But yeah, that opening sequence in this future, California’s been evacuated. And that opening crew is the billionaire on one of his previous expeditions – exca-vacations, they call them. The hobby of the ultrarich in this era is like, “Oh, let’s go to someplace ruined by climate change. Find the coolest souvenirs and treasures we can find because we can afford to do it and bring them back.” I was like, “Oh, they should go pick a star.” And I tried to pick a really good paranormal star that I wanted it to be. Vincent Price seemed just the best to me. And I had to have Tommy Burger in there. It needs to be LA.

EA: No, exactly. Which leads to this question, can you still digest Tommy Burger — talking about a different kind of horror?

RC: My big thing in college, I wrote for the OC Weekly. I wrote a column called “We Eat It so You Don’t Have To.” I had to put the gut through the ringer, so I can’t tell if I’m desensitized or if I’ve really sort of taken so much damage that I can put up with a little more, but it’s going to come back to haunt me, I’m sure.

EA: How long after that initial climate disaster is this story set?

RC: I’m playing fast and loose with near future here. I don’t want to put a date on it, but we’re looking at a possibly more realistic approach where we are just slowing climate change to a crawl. It’s definitely after 2060, sometime near the centennial mark, and it’s just in the middle of the US. Denver is one of the most populous and successful cities because of high altitude. It’s not near any oceans, that sort of thing. And those are the kind of cities that are thriving in the world [at that point], but coastal areas are ravaged. It’s a pain in the ass to fly anywhere because they have to be really careful when and how they track stuff and use really enduring vehicles and stuff like that. It is sort of that really slowing down, the decline of the Roman Empire thing, but it’s our whole civilization.

EA: Do you think a real-life climate apocalypse would move at that pace versus The Day After Tomorrow, where it’s such a sudden hit? Of course, I ask that and the last couple weeks in Los Angeles, we’ve had the sudden hit.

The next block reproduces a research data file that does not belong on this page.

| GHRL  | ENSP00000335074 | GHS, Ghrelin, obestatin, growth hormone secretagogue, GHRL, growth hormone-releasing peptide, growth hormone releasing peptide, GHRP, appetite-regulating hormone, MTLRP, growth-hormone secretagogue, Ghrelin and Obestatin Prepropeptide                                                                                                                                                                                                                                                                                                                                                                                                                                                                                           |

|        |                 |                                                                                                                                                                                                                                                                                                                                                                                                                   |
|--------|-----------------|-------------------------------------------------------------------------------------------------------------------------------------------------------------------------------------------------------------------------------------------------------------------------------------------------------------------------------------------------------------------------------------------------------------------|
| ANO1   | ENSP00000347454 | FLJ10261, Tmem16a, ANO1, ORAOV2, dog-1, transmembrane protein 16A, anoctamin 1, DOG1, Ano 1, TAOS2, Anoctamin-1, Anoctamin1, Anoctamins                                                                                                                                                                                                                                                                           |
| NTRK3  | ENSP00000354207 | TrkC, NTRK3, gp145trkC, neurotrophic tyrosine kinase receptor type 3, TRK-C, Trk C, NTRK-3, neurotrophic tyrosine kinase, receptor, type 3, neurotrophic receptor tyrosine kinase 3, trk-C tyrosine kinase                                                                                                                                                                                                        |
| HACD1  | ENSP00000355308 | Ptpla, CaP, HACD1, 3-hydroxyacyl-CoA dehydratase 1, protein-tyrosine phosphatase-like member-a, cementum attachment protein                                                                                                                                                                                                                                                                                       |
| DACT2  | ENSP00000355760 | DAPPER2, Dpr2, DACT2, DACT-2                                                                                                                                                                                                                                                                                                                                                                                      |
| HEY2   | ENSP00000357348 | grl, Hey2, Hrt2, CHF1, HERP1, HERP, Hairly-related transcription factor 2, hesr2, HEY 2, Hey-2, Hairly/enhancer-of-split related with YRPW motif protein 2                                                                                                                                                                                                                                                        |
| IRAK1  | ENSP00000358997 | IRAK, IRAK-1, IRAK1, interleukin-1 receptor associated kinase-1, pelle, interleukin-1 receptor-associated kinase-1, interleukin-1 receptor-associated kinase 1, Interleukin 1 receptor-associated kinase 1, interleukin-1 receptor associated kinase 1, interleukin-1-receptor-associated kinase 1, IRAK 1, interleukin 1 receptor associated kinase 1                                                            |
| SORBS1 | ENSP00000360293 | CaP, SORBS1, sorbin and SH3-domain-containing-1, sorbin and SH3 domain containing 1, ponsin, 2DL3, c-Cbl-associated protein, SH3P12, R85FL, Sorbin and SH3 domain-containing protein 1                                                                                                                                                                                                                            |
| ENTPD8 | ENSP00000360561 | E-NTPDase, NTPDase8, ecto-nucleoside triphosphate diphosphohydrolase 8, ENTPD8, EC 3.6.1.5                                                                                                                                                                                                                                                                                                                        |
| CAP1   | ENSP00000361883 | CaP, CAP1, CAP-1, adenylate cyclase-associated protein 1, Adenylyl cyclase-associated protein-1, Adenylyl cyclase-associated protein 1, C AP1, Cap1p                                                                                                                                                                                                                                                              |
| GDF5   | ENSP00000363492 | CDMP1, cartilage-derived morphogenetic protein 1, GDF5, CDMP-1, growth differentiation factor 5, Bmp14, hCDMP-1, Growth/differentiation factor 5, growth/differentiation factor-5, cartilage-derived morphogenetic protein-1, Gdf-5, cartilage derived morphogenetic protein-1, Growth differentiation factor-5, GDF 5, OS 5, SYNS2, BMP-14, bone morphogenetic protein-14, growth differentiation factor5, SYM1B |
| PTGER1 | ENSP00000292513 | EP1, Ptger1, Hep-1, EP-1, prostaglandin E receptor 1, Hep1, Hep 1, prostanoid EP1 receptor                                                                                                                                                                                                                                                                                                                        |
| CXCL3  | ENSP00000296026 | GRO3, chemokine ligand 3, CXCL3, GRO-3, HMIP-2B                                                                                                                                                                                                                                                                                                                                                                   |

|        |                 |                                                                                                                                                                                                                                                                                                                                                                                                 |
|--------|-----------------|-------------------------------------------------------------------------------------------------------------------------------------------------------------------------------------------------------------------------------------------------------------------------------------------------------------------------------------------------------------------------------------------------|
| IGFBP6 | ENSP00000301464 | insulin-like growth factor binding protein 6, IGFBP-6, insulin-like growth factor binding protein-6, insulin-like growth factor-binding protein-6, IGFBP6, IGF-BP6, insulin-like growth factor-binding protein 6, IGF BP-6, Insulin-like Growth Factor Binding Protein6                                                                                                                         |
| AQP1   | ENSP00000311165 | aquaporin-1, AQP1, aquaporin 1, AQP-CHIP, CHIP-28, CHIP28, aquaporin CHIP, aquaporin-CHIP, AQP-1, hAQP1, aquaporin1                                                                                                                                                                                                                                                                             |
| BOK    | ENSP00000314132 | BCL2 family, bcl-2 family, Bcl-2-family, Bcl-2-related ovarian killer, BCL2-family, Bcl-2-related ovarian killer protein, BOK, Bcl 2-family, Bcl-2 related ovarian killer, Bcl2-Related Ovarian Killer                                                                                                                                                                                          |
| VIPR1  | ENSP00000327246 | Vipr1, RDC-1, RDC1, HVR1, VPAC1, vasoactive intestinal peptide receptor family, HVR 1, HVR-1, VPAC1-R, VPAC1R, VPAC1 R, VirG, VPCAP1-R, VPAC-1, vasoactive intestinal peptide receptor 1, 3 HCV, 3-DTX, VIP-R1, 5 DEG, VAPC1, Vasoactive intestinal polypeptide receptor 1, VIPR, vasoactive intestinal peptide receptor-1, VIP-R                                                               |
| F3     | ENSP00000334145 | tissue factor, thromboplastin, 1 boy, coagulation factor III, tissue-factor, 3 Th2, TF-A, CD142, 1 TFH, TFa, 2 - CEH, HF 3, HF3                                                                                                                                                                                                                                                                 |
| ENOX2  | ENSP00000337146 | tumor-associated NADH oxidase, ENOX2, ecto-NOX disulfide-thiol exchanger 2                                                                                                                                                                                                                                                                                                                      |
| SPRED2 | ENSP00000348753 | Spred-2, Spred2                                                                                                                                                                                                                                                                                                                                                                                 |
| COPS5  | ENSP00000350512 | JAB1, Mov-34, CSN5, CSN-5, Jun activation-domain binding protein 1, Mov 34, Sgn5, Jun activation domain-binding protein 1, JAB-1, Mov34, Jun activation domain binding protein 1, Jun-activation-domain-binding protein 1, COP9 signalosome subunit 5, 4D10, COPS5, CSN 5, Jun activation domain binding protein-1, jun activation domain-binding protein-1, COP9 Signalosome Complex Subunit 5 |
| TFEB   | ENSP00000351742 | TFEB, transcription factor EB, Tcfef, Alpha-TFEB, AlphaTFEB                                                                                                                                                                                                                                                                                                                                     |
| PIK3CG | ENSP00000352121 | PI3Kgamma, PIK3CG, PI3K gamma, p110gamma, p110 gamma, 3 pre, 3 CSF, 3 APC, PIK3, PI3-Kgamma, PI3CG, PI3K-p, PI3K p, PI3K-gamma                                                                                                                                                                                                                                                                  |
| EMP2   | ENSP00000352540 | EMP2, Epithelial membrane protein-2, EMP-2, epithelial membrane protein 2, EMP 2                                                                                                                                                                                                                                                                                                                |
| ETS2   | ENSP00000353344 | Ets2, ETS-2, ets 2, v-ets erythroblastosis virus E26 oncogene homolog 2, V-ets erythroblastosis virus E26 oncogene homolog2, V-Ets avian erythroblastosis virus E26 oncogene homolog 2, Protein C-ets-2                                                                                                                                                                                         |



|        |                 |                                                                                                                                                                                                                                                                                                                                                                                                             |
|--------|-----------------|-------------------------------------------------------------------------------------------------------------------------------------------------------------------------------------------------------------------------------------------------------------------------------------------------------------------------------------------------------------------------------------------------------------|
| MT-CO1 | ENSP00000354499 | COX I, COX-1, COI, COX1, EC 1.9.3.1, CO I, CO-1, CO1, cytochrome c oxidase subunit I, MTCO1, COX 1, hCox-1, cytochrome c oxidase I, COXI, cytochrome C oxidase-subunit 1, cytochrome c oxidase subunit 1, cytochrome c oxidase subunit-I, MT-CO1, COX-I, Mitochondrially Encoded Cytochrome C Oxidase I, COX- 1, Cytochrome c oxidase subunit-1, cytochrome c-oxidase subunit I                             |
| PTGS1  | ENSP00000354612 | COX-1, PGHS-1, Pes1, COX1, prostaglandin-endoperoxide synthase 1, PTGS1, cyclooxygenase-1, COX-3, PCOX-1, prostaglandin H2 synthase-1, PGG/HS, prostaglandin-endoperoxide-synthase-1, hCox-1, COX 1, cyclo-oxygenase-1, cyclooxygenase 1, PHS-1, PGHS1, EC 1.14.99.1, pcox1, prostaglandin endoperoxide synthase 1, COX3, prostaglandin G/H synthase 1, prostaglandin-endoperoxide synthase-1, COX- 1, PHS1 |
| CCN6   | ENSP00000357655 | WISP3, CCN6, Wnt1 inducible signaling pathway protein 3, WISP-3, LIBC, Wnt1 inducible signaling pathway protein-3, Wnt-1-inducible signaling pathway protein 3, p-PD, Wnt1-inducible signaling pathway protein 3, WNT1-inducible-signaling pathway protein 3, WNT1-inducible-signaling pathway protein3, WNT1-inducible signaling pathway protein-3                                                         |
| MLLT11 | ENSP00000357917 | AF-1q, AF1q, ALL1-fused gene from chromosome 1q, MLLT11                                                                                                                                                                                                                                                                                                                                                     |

RC: It’s true. My whole street is just the infrastructure ruined by potholes everywhere. They’re repaving everything.

I think it’s going to be a slow thing. I was much more pessimistic about it a few years ago, and I’m optimistic overall about our chances, but I’m still pretty pessimistic about our response. I do think it’s going to be a really slow trickle, and then some places will recover or will adapt. Can I go off on a weird tangent?

EA: Oh, sure. Go ahead.

RC: I’ve been really into this British writer for Bernard Cornwell. There’s a Netflix show based on his work called The Last Kingdom. He does [the] Saxon Stories. It’s all about the founding of England. But all of his stories, regardless of what they’re about, they all take place in this post-Roman Britain and these characters – whether they’re good guys or bad guys – most of the thoughtful characters think “We descend into chaos. Look at the works of Rome all around us slowly collapsing.” People know they’re heading toward a Dark Age, and yet they don’t have the knowledge to do anything about it. And I find that really fascinating and a little prescient.

Again, I’m overall optimistic about our chances, but I do think we’re going to head towards darker ages. And I think for a lot of us, we’re going to be like … to use the Cornwell analogy, “I can patch up this stone mansion, but I don’t know how to build it. I don’t know carpentry.” And obviously it’s different with the knowledge lacking, but I do think we’re going to have some trying times.

EA: I totally agree with that. Is ecology important to you?

RC: Yes.

EA: Does it feel like the climate crisis and ecology have become two separate things? I’m an old-timey Doctor Who fan and in the mid-seventies, the showrunner was just an out-and-out ecologist. There were a lot of stories about the topic, but they were firmly grounded in the notion of ecology versus global warming or climate crisis or anything like that. Now it feels like they’re these two separate tracks of inquiry.